‘The map is not the territory’, my thoughts on anatomy and yoga

Sometimes, the challenge of teaching anatomy to yoga teachers is conveying the idea that, despite sharing the same anatomical blueprint, each person’s body is unique. The anatomical map offers us detailed portrayal of the human structure, however it is still only an approximate representation of the actual body we inhabit. 

Each person is a  perfect specimen of human anatomy as can be attested just by observing the people out on the street: some people are taller, others shorter, some have inherited a robust constitution while others seem more delicate.

If we understand that the study of anatomy encompasses all of these individual differences between human beings, then we can use our anatomical atlas to study each individual student with discernment and curiosity. To do this we must patiently compare the ‘map’ to the ‘territory’ so as to become familiar with the actual bodies of the people we work with. This is how I apply my understanding of anatomy in the context of yoga.

One way to put the theory into practice is to locate certain bony reference points that will help us evaluate our students’ yoga poses.

For example, the sacrum is a reference point that comes in handy.  This bone is shaped like an upside down triangle. It articulates with the iliac bones to the sides and with the coccyx below. The pelvis is formed by the union of sacrum, iliac bones and coccyx.  If we can locate the sacrum, then we can evaluate the position of the pelvis in relation to the spine and legs.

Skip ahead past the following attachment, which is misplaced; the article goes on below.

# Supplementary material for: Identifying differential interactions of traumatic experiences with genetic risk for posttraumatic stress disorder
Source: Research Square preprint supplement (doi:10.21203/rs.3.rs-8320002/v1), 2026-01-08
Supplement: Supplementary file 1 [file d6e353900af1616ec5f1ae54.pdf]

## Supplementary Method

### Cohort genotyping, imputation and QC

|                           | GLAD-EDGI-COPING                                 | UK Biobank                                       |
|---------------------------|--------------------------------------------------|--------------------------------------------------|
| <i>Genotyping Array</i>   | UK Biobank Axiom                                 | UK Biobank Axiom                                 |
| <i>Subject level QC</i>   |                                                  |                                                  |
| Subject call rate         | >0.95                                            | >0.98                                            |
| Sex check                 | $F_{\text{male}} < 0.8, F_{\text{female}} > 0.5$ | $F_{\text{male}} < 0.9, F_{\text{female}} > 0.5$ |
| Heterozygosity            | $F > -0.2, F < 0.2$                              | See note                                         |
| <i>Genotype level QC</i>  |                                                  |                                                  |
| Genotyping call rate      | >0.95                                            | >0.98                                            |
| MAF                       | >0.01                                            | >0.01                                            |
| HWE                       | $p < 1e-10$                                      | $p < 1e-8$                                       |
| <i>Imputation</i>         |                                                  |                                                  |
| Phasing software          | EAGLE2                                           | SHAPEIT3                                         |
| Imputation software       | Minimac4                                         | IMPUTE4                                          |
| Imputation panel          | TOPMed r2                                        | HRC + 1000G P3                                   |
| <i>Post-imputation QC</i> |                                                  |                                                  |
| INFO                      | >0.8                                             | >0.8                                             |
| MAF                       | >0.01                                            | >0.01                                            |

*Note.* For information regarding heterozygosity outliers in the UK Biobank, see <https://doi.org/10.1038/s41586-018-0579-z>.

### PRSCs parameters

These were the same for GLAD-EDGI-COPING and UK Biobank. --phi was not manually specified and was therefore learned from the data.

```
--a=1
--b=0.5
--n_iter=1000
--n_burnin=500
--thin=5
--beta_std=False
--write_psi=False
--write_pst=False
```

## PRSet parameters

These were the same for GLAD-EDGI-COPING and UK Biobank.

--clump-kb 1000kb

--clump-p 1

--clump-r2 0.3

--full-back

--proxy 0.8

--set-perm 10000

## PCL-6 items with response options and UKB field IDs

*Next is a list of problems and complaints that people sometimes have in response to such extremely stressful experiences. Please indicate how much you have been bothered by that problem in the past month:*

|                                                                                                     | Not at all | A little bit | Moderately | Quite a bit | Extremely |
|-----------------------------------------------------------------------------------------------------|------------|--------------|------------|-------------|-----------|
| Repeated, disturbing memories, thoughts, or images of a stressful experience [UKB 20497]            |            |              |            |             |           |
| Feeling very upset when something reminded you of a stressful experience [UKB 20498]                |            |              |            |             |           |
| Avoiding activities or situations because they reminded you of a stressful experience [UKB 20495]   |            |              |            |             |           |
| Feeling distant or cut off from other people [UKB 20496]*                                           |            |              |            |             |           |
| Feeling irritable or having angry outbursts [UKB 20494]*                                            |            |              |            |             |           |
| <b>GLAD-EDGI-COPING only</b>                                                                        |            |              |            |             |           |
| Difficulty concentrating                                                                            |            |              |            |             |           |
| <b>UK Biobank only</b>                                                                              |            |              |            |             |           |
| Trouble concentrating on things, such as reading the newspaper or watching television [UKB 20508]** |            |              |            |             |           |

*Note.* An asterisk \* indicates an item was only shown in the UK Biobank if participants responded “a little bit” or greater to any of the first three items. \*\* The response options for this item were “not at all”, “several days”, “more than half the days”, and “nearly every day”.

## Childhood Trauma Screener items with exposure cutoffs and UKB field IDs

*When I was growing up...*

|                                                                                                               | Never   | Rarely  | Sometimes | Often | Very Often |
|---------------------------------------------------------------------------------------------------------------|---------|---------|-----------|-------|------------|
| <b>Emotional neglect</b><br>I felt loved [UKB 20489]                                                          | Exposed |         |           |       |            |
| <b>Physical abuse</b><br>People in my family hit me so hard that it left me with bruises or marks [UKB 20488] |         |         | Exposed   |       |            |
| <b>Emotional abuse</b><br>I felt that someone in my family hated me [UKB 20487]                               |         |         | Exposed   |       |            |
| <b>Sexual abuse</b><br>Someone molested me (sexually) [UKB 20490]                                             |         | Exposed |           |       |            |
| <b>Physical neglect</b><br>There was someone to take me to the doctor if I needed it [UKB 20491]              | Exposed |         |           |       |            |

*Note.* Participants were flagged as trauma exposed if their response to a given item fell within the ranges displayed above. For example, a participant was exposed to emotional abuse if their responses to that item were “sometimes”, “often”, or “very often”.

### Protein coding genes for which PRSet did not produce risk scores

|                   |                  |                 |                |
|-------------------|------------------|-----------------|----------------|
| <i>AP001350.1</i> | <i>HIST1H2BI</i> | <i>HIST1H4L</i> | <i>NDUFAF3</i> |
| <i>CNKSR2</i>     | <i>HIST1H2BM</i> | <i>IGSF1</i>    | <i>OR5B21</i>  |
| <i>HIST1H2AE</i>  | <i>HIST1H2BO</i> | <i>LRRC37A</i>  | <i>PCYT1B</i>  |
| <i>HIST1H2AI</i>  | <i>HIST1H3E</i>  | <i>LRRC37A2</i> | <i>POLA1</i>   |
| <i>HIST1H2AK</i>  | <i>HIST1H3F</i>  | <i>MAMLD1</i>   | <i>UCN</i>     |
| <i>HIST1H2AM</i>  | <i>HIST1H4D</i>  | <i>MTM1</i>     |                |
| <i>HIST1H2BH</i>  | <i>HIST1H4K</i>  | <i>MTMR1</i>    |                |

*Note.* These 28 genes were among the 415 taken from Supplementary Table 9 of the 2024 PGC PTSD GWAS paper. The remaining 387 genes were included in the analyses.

Following the same example, in the forward flexion called pashimottanasana, we want to position the top the sacrum perpendicular or in front of the coccyx. This will establish hip flexion and will simultaneously challenge the elasticity of the hamstring muscles, which if shortened drag the pelvis backwards.

If, on the other hand, the top edge of the sacrum is positioned behind the coccyx, the pelvis will be in a less-than-favorable position for the lumbar spine. We want to position the pelvis in such a way that it helps to establish hip flexion and stretch out the hamstrings.

bad pashimottanasana

With this example I hope to illustrate how we can apply anatomy to yoga in a way that is helpful to our students. In the current case example, we could suggest our student bend his knees so as to work his shortened hamstrings. In this way we are adapting the yoga practice to the student instead of imposing on him a posture that his body may not be ready for.

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This article was written by
Julia Zatta

Julia is a yoga anatomy teacher and bodyworker based in Barcelona, Spain.

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